Take Time to Smell the Roses

Take Time to Smell the Roses

Biomimicry calls for understanding before application

When talking to business owners who’ve embraced the concepts of biomimicry, one piece of advice has served them well. Take time to smell the roses. Being influenced by nature and understanding how it conducts its own business is necessary before applying it in your own.

  Curt Hallberg

Principal David Oakey from David Oakey Designs says the age of engineers looking to conquer natural systems is behind us, and innovators looking to find sustainable solutions for products and processes should be looking at the natural systems that have been developing for a long, long time.

“It’s taken so long for shapes to evolve in nature, to get the ultimate or the best at the moment, and we can go look at it and say, you got here from there, and maybe we should just learn from that,” says David.

David and his team of designers were open to seeing how nature could influence their textile and carpet designs, so they went outside and inspected the ground, aiming to describe what they saw.

“What we saw was diversity,” he says. “We saw beauty, we all said that, but the fundamental thing was that every leaf, every stone, everything we saw on the floor was not anywhere alike.” It was a stark contrast to the “monolithic sameness” they’d prescribed in their designs before, believing that it ensured higher quality standards.

They started designing products where each carpet square was slightly different in colour and design.

  A natural and uncontrolled vortex as a tornado moves across the Earth's surface with an extreme sub-pressure in the centre.

“Suddenly all the waste factors of designing this way all went to the bottom line,” David says.

The manufacturer was able to spend less time on the process, the installers found more freedom in laying the carpet tiles thanks to fewer restrictions in directionality, and “off quality” issues that stemmed from deviating from the “monolithic” standard were eliminated.

“Then came all the positive economic things of how we could use variable dye-lots from our suppliers, we could mix production runs from one to another and for customers, when they’re installing their carpet, they could cut as they saw fit, from any part of the carpet tile, because it was random,” David says.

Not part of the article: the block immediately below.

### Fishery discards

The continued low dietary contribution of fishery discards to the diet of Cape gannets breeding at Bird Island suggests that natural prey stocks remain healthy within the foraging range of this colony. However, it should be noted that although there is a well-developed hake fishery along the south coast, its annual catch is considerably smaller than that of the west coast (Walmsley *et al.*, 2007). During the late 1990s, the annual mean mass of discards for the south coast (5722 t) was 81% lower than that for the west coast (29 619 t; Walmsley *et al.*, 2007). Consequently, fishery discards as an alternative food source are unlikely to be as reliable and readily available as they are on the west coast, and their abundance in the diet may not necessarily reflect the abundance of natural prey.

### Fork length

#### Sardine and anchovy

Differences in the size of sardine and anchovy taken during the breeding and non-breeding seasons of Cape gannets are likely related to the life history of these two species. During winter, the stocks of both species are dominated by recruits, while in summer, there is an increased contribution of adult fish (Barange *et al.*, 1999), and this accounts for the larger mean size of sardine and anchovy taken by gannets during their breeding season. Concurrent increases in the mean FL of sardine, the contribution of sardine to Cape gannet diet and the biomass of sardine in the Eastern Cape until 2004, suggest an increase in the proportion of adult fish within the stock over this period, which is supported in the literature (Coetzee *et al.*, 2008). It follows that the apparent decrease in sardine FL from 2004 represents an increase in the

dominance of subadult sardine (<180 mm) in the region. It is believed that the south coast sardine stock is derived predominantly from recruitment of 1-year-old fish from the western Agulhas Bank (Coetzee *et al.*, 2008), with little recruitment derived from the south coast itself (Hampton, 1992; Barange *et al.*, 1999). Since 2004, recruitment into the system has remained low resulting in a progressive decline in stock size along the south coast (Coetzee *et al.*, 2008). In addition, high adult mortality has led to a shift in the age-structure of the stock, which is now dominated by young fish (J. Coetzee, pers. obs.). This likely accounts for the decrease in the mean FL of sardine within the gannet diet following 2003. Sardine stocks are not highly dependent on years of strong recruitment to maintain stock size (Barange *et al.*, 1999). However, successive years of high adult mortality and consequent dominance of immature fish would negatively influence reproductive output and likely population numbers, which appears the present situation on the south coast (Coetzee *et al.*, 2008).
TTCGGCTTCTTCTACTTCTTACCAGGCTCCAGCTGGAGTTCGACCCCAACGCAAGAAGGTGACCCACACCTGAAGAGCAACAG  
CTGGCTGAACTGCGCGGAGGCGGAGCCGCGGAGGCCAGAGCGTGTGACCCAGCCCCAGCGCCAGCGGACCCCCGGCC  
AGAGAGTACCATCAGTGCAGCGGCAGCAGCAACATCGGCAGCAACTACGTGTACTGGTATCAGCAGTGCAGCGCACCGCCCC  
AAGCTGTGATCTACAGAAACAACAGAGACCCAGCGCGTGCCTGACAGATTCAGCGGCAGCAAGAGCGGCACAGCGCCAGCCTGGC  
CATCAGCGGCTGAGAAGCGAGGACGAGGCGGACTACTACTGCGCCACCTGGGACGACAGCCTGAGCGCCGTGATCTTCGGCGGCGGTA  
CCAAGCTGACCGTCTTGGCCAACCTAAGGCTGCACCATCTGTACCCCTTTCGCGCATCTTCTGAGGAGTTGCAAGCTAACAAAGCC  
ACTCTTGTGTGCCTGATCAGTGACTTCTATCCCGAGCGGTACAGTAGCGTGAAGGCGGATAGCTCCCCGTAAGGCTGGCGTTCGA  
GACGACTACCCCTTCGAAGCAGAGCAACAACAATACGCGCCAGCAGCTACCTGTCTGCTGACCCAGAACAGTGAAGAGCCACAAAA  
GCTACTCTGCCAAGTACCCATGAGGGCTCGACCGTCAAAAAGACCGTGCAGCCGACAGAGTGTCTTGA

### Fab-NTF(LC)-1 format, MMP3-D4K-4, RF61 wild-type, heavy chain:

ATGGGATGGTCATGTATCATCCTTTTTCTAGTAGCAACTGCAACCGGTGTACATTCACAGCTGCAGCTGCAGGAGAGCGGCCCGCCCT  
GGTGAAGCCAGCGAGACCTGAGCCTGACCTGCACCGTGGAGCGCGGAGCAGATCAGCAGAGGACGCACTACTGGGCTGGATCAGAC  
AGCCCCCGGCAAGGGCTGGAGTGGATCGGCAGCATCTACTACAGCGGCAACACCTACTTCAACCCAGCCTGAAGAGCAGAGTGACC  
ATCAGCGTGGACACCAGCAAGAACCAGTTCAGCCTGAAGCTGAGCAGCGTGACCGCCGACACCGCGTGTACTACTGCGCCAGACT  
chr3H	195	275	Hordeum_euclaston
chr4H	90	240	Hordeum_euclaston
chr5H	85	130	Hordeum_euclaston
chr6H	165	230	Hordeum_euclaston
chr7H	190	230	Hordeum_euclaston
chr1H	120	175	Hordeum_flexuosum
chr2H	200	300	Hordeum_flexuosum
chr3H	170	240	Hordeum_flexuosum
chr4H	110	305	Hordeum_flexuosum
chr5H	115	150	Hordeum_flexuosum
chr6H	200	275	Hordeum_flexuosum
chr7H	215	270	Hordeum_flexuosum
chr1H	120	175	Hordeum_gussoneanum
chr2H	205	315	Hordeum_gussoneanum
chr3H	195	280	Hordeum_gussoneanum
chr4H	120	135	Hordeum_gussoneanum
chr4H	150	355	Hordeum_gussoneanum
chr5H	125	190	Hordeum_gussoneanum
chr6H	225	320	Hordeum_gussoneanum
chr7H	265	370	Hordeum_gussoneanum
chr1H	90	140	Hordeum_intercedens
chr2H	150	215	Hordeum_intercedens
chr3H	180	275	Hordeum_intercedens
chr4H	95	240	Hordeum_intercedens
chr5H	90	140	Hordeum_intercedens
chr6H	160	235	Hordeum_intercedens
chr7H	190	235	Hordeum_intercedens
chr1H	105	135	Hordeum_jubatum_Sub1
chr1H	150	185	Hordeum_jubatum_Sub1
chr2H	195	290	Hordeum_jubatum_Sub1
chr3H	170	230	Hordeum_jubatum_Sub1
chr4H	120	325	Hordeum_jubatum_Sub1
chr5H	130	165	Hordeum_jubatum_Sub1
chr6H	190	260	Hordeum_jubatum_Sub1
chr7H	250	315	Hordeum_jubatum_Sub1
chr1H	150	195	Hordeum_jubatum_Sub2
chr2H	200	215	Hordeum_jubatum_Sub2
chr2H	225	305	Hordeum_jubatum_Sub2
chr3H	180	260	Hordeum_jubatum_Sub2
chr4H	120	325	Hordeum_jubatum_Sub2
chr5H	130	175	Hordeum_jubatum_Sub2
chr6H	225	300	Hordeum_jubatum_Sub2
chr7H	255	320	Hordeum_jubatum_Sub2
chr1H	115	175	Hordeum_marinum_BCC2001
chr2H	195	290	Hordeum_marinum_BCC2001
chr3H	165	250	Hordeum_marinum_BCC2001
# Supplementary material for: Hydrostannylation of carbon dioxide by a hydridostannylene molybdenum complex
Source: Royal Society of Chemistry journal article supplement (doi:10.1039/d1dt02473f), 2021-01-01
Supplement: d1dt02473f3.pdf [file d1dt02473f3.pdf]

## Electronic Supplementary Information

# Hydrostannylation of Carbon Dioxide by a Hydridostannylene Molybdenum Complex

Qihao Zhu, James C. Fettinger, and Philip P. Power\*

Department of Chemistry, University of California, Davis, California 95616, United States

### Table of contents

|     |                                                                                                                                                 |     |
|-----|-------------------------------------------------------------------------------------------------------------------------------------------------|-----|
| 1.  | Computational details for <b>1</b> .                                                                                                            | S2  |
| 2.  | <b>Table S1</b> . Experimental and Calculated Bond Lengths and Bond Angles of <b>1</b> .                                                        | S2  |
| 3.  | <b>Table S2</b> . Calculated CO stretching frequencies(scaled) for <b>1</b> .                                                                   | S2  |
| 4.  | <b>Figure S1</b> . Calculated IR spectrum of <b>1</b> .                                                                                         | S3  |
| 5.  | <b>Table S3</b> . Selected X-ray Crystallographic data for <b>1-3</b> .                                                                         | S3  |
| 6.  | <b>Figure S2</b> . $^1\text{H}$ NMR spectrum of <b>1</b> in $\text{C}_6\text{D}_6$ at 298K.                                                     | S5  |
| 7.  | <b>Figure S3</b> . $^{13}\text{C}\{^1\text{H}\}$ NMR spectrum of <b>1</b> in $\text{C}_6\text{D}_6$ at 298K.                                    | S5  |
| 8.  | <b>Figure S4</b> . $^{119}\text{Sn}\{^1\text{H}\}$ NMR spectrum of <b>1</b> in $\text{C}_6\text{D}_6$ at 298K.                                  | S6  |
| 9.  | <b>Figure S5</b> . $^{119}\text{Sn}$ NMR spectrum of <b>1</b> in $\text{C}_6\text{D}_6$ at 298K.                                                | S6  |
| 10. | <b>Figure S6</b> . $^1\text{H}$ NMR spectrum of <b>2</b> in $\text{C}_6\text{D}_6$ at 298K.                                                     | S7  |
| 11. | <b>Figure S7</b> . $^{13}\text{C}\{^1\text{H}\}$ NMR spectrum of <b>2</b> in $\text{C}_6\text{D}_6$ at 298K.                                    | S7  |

Head of research and development and production Curt Hallberg for WatrEco has found similar results.

While nature took billions of years to create the shapes and systems found in the world, he says stopping and looking at them could teach us a thing or two. WatrEco has developed the Vortex generator, that uses vortex process technology (VPT), borrowing its working principle from the flow of natural water.

A continuous process of balancing pressure and sub-pressure alters the inner properties of the treated water, and those properties are having dramatic results.

  The patented Watreco Vortex Generator inspired by nature and designed to create and keep a controlled vortex for water treatment processes in industrial applications.

While Curt will admit he’s not entirely sure why, the Vortex water provides a series of interesting benefits.

Flowers and vegetables grow with greater resilience, speed and size, for example. Some studies are finding tomatoes grow a little bigger and stronger, and cucumbers are growing larger with a higher crop yield, fewer rejects and a longer shelf life.

The water also freezes faster, making it ideal for Zambonis and ice resurfacing.

Some arenas are reporting energy savings of 10,000 kilowatt hours per day. Curt says the water freezes faster, stays cold longer, is more clear, and though he’s unsure why, skaters seem to move faster on it, too.

The Vortex water is also removing calcium deposits, which in turn is reducing lime-scaling deposits. This was first discovered at the arenas, but the application could have a great impact on areas that rely on heat exchanges like nuclear power generators, whose pipes require regular maintenance and lime de-scaling.

Read more on biomimicry as an economic game-changer.

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1. Biomimicry can show us how to build resilience and cultures of innovation throughout our various systems. What's such a notion spark for you? If you want to learn more, check out Biomimicry 3.8. You could also add a thought or question below, and we'll do our best to add clarity or other ideas that might be helpful.

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